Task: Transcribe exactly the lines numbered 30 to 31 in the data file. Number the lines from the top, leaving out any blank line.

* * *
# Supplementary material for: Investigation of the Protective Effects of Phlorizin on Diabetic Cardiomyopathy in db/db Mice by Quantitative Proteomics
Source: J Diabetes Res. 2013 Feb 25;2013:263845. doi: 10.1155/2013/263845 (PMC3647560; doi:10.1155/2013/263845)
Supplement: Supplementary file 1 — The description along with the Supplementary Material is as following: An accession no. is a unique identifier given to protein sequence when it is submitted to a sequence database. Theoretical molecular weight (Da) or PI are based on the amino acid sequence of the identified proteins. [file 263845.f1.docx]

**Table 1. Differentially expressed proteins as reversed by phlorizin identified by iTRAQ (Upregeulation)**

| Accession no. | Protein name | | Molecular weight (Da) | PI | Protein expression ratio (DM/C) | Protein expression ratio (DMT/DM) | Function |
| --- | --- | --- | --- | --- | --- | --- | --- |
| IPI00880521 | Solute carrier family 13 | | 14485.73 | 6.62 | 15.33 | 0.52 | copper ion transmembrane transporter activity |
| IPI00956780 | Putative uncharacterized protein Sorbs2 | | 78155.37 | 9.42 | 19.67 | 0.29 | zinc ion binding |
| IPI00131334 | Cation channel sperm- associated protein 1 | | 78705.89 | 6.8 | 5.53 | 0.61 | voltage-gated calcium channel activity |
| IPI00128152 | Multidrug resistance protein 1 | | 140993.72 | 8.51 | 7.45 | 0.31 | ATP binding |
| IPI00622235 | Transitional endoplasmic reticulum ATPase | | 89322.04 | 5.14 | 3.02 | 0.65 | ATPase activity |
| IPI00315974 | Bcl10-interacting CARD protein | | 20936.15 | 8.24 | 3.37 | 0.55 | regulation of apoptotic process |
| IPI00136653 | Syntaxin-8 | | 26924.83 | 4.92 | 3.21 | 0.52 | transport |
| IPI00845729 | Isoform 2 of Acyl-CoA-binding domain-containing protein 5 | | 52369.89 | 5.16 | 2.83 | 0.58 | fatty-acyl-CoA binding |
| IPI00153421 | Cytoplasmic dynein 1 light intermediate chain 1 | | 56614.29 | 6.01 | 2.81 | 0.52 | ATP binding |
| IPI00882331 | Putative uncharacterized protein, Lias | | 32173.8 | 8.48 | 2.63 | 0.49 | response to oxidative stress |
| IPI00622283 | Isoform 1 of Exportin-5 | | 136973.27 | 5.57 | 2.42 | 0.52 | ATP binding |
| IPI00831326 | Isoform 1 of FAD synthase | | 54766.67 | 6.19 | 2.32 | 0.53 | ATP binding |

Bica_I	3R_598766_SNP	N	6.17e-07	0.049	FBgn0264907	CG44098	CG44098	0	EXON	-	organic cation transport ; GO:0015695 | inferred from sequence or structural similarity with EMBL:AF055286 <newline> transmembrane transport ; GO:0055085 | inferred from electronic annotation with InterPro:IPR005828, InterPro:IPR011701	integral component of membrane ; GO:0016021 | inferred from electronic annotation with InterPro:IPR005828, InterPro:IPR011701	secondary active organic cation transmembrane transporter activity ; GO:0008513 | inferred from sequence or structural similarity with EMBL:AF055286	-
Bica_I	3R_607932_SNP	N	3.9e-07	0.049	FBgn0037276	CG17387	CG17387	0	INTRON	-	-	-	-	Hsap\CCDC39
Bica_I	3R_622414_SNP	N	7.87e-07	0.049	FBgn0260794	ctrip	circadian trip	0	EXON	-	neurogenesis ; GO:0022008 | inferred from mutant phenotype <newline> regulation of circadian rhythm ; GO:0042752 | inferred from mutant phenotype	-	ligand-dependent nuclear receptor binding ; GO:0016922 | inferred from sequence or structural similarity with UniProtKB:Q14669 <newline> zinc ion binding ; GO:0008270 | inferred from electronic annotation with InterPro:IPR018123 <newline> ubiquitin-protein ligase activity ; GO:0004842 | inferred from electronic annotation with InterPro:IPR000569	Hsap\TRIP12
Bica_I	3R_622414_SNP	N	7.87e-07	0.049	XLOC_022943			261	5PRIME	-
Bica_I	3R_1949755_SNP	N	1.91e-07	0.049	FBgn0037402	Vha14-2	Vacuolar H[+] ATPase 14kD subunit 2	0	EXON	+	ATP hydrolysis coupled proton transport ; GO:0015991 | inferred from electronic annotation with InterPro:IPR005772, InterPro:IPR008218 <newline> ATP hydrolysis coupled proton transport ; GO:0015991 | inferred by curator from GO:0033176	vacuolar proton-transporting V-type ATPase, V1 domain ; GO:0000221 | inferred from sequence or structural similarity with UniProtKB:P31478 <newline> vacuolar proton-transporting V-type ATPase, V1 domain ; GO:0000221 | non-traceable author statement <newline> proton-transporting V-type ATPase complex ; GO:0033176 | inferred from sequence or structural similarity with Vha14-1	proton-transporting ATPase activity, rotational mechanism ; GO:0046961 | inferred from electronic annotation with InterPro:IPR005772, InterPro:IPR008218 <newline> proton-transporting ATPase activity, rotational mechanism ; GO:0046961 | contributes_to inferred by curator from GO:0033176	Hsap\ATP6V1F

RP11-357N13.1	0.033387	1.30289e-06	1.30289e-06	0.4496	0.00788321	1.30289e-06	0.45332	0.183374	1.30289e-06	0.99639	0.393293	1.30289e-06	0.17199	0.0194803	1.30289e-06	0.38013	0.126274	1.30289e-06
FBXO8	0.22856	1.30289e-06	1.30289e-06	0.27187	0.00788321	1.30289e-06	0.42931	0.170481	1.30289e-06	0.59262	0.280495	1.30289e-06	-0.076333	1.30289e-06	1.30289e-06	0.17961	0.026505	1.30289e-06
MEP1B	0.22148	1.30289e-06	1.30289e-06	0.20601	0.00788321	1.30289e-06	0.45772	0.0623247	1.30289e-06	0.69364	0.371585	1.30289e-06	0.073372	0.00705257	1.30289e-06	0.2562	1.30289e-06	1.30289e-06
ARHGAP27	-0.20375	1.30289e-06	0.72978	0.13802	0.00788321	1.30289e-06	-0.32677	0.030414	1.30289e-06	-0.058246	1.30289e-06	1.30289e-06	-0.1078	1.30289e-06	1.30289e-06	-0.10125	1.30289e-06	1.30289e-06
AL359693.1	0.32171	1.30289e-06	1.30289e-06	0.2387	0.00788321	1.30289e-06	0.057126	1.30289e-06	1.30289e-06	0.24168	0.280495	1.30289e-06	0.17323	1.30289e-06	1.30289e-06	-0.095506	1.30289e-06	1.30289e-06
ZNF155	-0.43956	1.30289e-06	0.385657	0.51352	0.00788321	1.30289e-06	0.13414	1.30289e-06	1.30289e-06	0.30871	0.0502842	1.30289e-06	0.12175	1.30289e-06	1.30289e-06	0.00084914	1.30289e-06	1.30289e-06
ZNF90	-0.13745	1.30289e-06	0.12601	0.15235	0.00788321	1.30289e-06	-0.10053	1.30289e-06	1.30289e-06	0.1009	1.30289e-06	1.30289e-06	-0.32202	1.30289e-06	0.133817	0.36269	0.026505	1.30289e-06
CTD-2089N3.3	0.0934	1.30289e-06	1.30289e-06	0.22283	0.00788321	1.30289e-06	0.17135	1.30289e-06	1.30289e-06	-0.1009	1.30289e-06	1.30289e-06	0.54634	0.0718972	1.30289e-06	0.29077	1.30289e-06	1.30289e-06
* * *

ZNF90	-0.13745	1.30289e-06	0.12601	0.15235	0.00788321	1.30289e-06	-0.10053	1.30289e-06	1.30289e-06	0.1009	1.30289e-06	1.30289e-06	-0.32202	1.30289e-06	0.133817	0.36269	0.026505	1.30289e-06
CTD-2089N3.3	0.0934	1.30289e-06	1.30289e-06	0.22283	0.00788321	1.30289e-06	0.17135	1.30289e-06	1.30289e-06	-0.1009	1.30289e-06	1.30289e-06	0.54634	0.0718972	1.30289e-06	0.29077	1.30289e-06	1.30289e-06